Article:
Even two years after the enforcement of the GDPR, a lot of misconception and speculation surrounds the EU privacy regulation still. While most of us know one thing or the other about the GDPR, only a few have extensive knowledge on it, and what it means exactly in practice. In this blog post, we take a look at five common myths of the GDPR and set the record straight.
Myth 1: The GDPR is an extra burden for organisations
The GDPR is often viewed by organisations as an extra burden, a set of obstacles that would eventually put an end to various practices by data-driven organisations. However, by now it has become clear just how much opportunities this regulation holds for organisations. For instance, 92% of GDPR ready companies reported a substantial rise in consumer interaction and trust, while 97% of organisations that took on GDPR compliance initiatives experienced competitive advantage, attractiveness to investors, and significant increase in operational efficiency.
To add to that, data management processes of GDPR-compliant companies have become more efficient, as identifying and deleting redundant data is part of the compliance process as well. Marketing databases are now filled with the email addresses of only those individuals with a relevant genuine interest thanks to the requirement of consent and opt-in of the GDPR. In fact, studies have revealed that compliant email marketing practices have increased in overall efficiency thanks to the GDPR - by opening up on more appropriate targeting, the open and click through rates of marketing emails have increased.
Myth 2: Every organisation should have an appointed DPO
According to the GDPR, organisations are encouraged to have a DPO to oversee and guide the company’s GDPR compliance efforts.
As per Article 37 of the GDPR, the appointment of a DPO is mandatory, for public authorities and public bodies, for businesses that’s core activities require large scale, systematic monitoring of individuals, and for organisations that process special categories of personal data on a large scale. If your organisatoins doesn’t meet the listed criteria, you are still encouraged to voluntarily appoint a DPO to assist demonstrating compliance with the accountability principle. Contrary to common misconception, this isn’t just applicable for larger organisations. Smaller businesses or SMEs that process personal data may also appoint a DPO to further ensure their compliance with the GDPR.
As DPOs hold a decisive role in an organisation’s GDPR compliance efforts, it’s important that organisations find the right DPO - click here to see how to do that step-by-step.
Myth 3: Personal Data breaches only happen to big organisations
Another common misconception is that the GDPR primarily applies only to larger multinational corporations, or those with over 250 employees. This myth also adds on to the idea that personal data breaches only happen to big organisations.
However, since the enforcement of the GDPR, there were over 160,000 data breaches reported to supervisory authorities across the EU and EEA, and of that number, there were a large number of security incidents reported by smaller enterprises.
In 2019 for example, a housing agent in the Netherlands experienced a data leak that saw more than 49,000 customer data exposed through an unsecure website. Personal information such as names, addresses, emails, and phone numbers are amongst the information leaked. Also in 2019, it was confirmed that due to an email being sent to the wrong party, an eCommerce website was also hit with a data breach that left 21,000 customer details in the hands of an unauthorised third party.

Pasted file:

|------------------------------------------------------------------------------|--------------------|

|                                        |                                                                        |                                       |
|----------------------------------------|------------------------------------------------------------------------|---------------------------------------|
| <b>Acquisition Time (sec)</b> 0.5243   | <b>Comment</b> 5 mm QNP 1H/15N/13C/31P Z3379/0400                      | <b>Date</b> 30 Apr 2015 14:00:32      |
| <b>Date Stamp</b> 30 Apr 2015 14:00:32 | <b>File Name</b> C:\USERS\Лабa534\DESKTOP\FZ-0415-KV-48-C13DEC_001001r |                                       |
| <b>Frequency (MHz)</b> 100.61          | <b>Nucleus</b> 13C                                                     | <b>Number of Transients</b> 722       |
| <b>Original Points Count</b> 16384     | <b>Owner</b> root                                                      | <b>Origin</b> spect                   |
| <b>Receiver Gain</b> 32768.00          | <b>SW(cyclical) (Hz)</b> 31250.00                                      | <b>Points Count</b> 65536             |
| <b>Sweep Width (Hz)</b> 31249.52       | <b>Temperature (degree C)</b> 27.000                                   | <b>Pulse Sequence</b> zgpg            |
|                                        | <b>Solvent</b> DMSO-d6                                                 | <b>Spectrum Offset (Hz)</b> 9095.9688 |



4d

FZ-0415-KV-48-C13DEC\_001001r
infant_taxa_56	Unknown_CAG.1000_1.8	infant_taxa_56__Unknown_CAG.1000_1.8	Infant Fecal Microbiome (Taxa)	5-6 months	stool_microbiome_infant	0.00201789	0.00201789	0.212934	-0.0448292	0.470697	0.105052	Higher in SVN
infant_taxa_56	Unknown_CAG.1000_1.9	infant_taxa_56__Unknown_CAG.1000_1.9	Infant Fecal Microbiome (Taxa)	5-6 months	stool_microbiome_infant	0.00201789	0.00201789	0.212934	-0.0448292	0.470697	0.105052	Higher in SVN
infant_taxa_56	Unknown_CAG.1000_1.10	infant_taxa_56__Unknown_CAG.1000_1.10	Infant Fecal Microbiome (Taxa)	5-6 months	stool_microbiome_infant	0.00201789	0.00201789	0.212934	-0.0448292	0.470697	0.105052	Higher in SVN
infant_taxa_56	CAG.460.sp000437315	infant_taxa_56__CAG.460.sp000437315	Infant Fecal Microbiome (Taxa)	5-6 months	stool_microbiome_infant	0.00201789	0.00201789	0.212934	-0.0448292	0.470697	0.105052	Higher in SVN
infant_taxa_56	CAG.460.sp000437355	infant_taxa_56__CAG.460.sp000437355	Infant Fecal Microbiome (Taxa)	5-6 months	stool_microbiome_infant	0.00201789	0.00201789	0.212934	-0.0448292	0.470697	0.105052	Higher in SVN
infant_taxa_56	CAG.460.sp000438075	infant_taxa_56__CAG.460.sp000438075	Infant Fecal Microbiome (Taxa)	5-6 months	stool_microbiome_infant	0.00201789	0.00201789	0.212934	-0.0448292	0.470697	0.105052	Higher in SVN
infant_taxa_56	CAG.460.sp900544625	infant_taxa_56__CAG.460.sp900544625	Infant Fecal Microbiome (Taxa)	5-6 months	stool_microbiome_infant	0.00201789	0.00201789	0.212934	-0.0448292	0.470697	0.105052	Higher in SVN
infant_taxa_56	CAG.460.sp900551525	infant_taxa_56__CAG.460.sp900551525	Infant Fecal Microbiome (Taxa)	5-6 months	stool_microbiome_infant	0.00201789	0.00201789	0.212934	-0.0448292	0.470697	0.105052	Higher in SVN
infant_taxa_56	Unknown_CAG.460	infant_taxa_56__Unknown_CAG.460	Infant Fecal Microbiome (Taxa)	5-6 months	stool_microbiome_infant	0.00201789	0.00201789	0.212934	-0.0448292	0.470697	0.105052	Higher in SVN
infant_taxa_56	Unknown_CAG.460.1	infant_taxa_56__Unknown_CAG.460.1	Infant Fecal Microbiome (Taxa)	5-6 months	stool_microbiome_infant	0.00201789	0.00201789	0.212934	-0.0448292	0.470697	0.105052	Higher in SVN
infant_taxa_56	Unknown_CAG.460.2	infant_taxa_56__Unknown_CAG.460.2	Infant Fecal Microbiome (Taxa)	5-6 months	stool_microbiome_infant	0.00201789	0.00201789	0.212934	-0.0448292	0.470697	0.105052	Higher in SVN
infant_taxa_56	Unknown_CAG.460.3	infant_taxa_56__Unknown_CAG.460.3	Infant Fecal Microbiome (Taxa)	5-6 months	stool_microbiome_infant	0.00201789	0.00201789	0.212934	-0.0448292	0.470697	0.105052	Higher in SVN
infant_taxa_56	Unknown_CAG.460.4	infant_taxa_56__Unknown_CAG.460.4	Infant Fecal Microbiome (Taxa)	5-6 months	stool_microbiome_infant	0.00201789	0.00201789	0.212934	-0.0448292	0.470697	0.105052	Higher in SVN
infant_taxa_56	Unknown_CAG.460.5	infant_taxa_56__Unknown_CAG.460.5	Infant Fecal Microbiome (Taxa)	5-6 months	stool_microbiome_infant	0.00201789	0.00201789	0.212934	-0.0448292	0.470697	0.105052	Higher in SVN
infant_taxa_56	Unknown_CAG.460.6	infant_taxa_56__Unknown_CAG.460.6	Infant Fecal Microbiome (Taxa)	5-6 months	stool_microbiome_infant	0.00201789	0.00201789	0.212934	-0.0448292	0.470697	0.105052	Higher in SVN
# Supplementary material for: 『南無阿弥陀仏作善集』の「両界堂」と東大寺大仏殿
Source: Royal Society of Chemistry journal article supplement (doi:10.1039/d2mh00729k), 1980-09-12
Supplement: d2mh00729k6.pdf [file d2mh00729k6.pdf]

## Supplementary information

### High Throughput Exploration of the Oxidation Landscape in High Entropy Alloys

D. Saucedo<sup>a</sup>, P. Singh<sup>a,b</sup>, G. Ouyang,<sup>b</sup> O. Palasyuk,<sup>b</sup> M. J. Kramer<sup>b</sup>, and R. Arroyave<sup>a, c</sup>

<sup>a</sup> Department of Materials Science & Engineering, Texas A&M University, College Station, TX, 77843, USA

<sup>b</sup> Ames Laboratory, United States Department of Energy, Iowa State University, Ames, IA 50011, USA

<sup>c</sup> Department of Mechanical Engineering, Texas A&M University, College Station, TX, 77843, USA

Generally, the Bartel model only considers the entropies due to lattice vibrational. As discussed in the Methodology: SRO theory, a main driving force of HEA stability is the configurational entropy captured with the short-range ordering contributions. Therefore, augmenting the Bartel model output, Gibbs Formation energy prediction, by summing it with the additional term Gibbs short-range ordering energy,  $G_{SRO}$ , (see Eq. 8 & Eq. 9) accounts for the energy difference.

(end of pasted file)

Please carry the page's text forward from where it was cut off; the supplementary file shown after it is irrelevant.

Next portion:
Myth 4: GDPR is all about data subject consent
Consent is the most well-known legal ground for processing personal data, but the GDPR is about much more. The regulation is aimed to protect the rights of individuals, and one way it achieves that, is by ensuring a level of control over personal data.
When it comes to collecting personal data, there are six legal grounds based on which data can be processed, and consent is one of them. The GDPR points out that no single legal ground holds advantages/disadvantages over one another.
A legal ground an organisation chooses to adopt should be based on how appropriate it is to the organisation’s purpose and relationship with the data subject(s). Article 4(11) GDPR states that consent, amongst other factors, should be obvious, requires a freely given positive action to opt in, and should be clearly recorded.
Myth 5: GDPR only concerns the data protection officer and infosecurity professionals
While it may seem that only the DPO and CISO are responsible for the compliance and data privacy of an organisation, that’s a misconception. The DPO and CISO are in the frontline of data protection, but compliance is a company-wide team effort.
Not only does it mean everyone within the organisation should practice adequate data protection habits, but it also means that everyone within the organisation should understand their responsibilities in regard to data protection, and why everybody within an organisation has an important role to play in the protection of client, customer, and employee data.
The GDPR is complex
As the GDPR continues to be adapted and changed through time, setting things straight and being aware of the basic concepts of compliance is therefore key for organisations to succeed in the long run. Keeping track of your company’s efforts and making sure that they are aligned with the GDPR is not a one time task. Nor is it a task of the DPO alone. Investing in compliance solutions can therefore have a significant impact on making your processes quicker and more efficient, and making sure that collaboration for data protection is a company-wide effort.